Friday, June 29, 2007

The Rise of the Irish murder

The trial of Rachel O’Reilly’s husband for her murder is the main headline on newspapers and the top story on news programs. Why is this case is so mysteriously gripping? In “the Decline of the English Murder” George Orwell summed up the ideal murder to grip the media watching public.

“The murderer should be a little man of the professional class…living an intensely respectable life somewhere in the suburbs, and preferably in a semi-detached house... He should go astray through cherishing a guilty passion for his secretary or the wife of a rival professional man, and should only bring himself to the point of murder after long and terrible wrestles with his conscience... The means chosen should, of course, be poison. In the last analysis he should commit murder because this seems to him less disgraceful, and less damaging to his career, than being detected in adultery”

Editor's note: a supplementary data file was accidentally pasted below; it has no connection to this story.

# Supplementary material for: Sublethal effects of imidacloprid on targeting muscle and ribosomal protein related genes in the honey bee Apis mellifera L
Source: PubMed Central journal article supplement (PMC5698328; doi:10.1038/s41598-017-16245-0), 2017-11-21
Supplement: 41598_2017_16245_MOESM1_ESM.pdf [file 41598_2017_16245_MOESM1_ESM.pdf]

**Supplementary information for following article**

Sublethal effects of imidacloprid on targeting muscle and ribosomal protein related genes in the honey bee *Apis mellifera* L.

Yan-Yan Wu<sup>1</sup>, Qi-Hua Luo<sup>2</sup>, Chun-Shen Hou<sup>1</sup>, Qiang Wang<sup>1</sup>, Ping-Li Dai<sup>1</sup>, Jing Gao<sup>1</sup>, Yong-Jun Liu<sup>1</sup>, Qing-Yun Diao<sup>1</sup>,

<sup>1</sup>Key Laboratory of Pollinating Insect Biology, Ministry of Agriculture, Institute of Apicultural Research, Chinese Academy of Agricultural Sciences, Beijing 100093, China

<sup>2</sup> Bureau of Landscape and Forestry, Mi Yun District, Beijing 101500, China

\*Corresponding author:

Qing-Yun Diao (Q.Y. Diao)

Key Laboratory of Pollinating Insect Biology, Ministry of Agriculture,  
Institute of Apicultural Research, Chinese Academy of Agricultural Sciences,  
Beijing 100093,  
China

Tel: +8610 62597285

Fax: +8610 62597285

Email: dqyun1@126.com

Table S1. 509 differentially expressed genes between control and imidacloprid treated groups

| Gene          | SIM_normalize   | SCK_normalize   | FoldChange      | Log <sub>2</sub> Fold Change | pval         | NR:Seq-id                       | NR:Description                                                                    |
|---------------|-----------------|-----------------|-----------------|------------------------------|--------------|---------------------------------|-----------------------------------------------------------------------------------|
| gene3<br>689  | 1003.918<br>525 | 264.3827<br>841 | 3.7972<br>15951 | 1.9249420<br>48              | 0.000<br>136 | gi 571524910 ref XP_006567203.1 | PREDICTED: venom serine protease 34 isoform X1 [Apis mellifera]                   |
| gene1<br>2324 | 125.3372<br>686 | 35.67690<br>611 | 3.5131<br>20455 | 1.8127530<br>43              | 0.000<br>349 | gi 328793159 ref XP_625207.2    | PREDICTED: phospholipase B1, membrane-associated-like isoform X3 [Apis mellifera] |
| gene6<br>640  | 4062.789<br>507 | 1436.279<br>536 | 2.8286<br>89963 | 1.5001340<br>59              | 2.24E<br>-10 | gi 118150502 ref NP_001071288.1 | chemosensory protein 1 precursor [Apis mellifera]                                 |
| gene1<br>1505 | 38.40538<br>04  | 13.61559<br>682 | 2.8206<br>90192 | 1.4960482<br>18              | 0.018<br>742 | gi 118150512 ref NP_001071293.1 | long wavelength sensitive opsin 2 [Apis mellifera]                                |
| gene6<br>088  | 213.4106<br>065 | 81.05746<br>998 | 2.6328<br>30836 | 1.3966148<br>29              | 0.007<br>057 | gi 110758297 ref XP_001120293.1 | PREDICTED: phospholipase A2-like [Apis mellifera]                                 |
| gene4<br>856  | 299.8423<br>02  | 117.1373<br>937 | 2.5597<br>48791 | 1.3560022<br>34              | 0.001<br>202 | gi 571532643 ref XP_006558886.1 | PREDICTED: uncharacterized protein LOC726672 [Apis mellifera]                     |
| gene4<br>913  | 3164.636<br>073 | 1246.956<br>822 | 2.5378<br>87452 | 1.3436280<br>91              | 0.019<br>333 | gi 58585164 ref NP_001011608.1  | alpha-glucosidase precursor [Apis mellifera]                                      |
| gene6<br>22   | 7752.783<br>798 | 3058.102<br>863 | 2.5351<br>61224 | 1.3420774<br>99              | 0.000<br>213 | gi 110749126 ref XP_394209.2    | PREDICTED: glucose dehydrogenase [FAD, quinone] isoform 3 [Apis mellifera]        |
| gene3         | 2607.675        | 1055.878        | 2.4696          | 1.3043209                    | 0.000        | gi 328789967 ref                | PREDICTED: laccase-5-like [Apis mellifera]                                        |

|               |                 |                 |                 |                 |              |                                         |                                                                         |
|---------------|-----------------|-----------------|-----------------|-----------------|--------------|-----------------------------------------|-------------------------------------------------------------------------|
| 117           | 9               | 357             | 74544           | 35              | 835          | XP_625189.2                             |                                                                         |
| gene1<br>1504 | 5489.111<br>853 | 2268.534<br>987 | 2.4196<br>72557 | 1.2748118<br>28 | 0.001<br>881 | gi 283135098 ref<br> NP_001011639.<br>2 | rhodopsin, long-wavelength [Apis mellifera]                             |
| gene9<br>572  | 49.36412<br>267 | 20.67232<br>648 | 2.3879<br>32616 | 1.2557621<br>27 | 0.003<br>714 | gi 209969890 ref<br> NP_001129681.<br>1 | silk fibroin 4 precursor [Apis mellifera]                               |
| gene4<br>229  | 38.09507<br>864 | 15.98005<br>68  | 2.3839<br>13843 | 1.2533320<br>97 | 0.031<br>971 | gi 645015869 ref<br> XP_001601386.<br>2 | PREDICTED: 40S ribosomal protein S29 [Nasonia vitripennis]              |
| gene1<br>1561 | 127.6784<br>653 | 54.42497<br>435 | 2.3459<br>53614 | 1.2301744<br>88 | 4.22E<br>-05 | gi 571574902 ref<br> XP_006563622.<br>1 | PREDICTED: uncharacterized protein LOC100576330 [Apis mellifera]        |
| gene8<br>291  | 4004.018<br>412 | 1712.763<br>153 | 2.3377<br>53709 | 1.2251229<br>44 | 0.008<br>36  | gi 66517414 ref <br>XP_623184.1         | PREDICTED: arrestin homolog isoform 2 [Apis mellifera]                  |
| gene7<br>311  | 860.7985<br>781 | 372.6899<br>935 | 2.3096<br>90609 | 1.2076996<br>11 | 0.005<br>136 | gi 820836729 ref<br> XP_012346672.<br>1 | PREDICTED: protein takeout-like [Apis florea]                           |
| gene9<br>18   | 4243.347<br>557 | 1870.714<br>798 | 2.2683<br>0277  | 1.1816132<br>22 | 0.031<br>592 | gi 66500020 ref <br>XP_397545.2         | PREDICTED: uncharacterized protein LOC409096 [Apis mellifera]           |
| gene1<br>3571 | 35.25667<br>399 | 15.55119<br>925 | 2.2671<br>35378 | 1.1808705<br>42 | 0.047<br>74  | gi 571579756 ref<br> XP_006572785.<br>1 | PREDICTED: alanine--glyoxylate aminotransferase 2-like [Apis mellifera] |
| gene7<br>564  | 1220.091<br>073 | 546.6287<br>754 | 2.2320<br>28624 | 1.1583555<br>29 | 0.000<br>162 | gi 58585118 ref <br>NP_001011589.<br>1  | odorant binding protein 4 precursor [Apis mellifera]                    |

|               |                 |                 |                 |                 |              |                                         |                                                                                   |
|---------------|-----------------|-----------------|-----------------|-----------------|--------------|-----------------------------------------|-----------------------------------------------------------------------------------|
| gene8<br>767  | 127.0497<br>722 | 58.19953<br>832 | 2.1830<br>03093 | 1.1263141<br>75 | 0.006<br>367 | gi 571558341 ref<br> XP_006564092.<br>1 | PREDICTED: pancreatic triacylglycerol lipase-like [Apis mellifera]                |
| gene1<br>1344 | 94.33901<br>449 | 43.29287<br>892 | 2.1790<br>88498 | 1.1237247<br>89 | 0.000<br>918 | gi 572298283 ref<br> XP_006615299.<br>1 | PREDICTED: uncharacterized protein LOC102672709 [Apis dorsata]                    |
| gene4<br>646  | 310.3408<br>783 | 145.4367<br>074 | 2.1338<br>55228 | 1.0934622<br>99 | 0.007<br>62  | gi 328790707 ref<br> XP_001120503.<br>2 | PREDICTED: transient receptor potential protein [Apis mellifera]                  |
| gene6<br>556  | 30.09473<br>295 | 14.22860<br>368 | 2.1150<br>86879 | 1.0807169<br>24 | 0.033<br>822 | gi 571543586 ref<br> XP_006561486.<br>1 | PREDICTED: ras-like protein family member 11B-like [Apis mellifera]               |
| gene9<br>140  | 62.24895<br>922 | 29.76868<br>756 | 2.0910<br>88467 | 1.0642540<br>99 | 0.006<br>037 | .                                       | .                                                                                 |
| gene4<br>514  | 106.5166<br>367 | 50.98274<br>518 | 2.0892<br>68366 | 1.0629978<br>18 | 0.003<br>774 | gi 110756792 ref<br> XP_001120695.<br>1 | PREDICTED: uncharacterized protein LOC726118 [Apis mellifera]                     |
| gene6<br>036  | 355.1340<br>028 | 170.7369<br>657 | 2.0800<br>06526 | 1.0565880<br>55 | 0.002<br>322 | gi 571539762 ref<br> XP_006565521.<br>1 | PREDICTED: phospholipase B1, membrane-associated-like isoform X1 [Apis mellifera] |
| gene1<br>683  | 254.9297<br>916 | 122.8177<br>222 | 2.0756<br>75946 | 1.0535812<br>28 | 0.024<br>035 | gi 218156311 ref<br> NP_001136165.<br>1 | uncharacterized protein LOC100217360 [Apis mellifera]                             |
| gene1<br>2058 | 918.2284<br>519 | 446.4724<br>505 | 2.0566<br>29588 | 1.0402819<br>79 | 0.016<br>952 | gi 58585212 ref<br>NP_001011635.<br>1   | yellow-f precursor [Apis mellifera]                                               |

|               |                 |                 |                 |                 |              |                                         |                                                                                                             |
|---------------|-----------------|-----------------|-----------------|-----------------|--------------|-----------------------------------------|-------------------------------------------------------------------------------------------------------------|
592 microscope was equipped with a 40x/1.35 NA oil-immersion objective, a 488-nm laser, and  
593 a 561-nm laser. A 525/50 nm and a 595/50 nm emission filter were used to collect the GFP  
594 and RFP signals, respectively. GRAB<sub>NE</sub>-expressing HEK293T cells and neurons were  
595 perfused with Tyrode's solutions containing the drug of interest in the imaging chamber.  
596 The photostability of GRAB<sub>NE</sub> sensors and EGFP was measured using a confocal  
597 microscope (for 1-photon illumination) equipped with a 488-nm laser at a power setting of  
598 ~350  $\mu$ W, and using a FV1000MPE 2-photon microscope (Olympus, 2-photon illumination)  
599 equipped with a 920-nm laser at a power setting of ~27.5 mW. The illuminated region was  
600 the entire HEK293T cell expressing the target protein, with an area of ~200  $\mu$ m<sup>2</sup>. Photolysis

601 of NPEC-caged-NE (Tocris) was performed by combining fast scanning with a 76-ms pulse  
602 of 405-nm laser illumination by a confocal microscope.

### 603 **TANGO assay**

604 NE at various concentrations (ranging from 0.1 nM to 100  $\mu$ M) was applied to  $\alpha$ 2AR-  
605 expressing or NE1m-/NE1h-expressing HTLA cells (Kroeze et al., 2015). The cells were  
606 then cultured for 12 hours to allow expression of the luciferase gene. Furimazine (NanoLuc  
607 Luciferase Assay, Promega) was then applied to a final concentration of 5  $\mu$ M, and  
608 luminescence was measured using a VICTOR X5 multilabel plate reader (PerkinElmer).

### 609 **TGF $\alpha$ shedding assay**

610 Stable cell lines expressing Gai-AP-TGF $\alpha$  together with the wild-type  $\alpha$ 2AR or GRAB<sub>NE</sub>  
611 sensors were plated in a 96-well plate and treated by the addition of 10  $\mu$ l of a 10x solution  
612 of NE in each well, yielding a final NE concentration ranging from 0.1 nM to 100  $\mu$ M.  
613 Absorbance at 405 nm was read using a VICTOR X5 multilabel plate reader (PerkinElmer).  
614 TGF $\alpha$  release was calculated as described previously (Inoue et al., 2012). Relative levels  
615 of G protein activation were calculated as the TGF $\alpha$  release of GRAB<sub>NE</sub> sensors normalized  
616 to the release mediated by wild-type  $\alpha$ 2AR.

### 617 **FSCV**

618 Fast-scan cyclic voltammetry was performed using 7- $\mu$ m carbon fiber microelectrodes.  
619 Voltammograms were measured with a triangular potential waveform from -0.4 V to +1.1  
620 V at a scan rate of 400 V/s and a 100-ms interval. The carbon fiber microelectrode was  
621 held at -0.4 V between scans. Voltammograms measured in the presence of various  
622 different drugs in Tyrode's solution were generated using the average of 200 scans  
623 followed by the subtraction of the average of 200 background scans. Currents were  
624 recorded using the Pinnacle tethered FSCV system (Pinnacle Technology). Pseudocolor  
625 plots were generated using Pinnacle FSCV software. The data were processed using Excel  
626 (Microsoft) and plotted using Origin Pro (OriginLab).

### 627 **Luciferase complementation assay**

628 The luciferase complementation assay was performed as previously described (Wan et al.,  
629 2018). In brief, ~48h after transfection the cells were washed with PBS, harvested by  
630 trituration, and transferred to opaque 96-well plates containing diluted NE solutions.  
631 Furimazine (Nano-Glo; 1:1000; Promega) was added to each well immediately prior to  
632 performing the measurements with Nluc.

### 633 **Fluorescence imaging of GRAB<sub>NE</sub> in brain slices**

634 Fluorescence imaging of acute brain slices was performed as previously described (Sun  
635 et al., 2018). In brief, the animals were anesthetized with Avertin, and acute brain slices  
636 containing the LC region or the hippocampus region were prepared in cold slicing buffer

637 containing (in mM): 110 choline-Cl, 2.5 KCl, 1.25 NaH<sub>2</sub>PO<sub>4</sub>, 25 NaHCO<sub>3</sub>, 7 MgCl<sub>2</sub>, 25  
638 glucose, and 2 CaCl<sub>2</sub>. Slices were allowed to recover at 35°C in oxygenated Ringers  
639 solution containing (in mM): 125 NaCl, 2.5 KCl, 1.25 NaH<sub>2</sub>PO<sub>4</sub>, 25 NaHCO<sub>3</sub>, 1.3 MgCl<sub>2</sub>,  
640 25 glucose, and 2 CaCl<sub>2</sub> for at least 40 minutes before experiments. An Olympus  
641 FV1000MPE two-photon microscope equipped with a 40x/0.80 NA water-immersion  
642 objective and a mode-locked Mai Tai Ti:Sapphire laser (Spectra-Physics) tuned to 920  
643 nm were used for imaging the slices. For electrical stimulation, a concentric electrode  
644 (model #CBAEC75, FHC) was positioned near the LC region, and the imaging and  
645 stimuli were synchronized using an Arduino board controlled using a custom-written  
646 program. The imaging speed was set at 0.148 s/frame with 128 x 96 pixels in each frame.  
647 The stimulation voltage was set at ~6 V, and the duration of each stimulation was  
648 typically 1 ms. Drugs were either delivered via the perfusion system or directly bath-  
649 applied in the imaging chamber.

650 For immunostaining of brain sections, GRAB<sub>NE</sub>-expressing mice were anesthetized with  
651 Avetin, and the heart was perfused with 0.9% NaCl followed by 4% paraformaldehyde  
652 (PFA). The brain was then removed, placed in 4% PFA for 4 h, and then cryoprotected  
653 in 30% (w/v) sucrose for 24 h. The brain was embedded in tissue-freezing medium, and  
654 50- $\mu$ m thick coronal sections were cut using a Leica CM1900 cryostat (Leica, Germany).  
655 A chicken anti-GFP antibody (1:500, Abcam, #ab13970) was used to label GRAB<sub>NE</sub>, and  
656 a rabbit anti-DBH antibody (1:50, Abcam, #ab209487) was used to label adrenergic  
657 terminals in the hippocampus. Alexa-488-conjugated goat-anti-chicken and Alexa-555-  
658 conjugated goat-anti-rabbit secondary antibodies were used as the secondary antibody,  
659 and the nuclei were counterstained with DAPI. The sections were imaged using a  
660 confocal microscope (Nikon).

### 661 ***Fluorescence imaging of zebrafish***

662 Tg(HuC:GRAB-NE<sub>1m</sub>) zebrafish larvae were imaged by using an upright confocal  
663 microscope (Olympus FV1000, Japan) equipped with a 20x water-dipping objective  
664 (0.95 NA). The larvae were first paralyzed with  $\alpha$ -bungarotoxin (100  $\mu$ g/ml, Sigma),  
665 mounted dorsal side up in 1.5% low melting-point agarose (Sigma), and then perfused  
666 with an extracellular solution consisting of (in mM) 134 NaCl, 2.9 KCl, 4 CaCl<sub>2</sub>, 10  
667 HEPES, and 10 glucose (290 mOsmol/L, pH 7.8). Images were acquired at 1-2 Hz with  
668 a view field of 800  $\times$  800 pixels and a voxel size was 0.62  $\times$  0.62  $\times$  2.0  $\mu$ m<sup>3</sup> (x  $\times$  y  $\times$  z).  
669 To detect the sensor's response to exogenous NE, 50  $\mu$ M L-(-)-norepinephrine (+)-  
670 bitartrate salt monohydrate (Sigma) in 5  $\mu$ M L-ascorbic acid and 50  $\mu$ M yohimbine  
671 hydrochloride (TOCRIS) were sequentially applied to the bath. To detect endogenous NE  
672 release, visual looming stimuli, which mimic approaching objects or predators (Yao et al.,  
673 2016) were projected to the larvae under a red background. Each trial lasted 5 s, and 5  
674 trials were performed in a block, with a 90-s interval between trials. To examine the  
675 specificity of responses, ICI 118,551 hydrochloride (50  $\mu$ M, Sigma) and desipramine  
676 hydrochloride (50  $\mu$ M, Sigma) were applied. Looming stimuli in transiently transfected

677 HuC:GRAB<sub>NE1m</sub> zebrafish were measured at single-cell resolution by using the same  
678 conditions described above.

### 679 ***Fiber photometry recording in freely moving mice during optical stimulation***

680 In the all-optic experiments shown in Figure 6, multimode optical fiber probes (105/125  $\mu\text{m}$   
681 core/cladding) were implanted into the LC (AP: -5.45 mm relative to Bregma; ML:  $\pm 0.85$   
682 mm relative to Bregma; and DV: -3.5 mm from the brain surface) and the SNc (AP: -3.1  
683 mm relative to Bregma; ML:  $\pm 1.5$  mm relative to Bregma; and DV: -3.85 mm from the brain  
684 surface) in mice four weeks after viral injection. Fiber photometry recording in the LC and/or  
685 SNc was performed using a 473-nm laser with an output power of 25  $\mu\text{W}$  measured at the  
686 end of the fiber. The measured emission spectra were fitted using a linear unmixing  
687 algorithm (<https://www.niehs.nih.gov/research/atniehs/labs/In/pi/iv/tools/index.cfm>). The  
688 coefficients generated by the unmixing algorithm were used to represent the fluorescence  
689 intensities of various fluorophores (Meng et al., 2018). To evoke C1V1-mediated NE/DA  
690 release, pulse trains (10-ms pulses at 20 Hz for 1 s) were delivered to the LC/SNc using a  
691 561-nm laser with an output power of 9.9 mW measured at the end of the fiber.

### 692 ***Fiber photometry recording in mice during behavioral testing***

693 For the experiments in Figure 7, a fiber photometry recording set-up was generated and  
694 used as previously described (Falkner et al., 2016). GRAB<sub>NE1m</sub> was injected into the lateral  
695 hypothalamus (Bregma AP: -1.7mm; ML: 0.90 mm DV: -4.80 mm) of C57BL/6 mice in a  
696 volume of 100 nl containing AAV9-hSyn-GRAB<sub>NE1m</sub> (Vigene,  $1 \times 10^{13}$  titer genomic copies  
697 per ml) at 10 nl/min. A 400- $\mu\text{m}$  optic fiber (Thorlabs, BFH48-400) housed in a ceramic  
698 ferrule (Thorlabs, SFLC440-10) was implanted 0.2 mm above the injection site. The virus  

Instead of poisoning with all the forethought and cunning that requires we have a brutal beating but otherwise the details seem oddly similar.

Orwell summed up the reason why these domestic murders so gripped people saying they were the “product of a stable society where the all-prevailing hypocrisy did at least ensure that crimes as serious as murder should have strong emotions behind them.” The hypocrisy was the belief that a murder was preferable to the shame of an affair and of divorce. No “why” has yet been proposed in the Rachel O’Reilly murder trial. The murders which gripped the public imagination in Orwell’s time were the type that people could in some way understand the motivations of lust and social standing behind them. What is frightening in this case is that the level of interest in it suggests that people can understand a crime that is seemingly without motivation.

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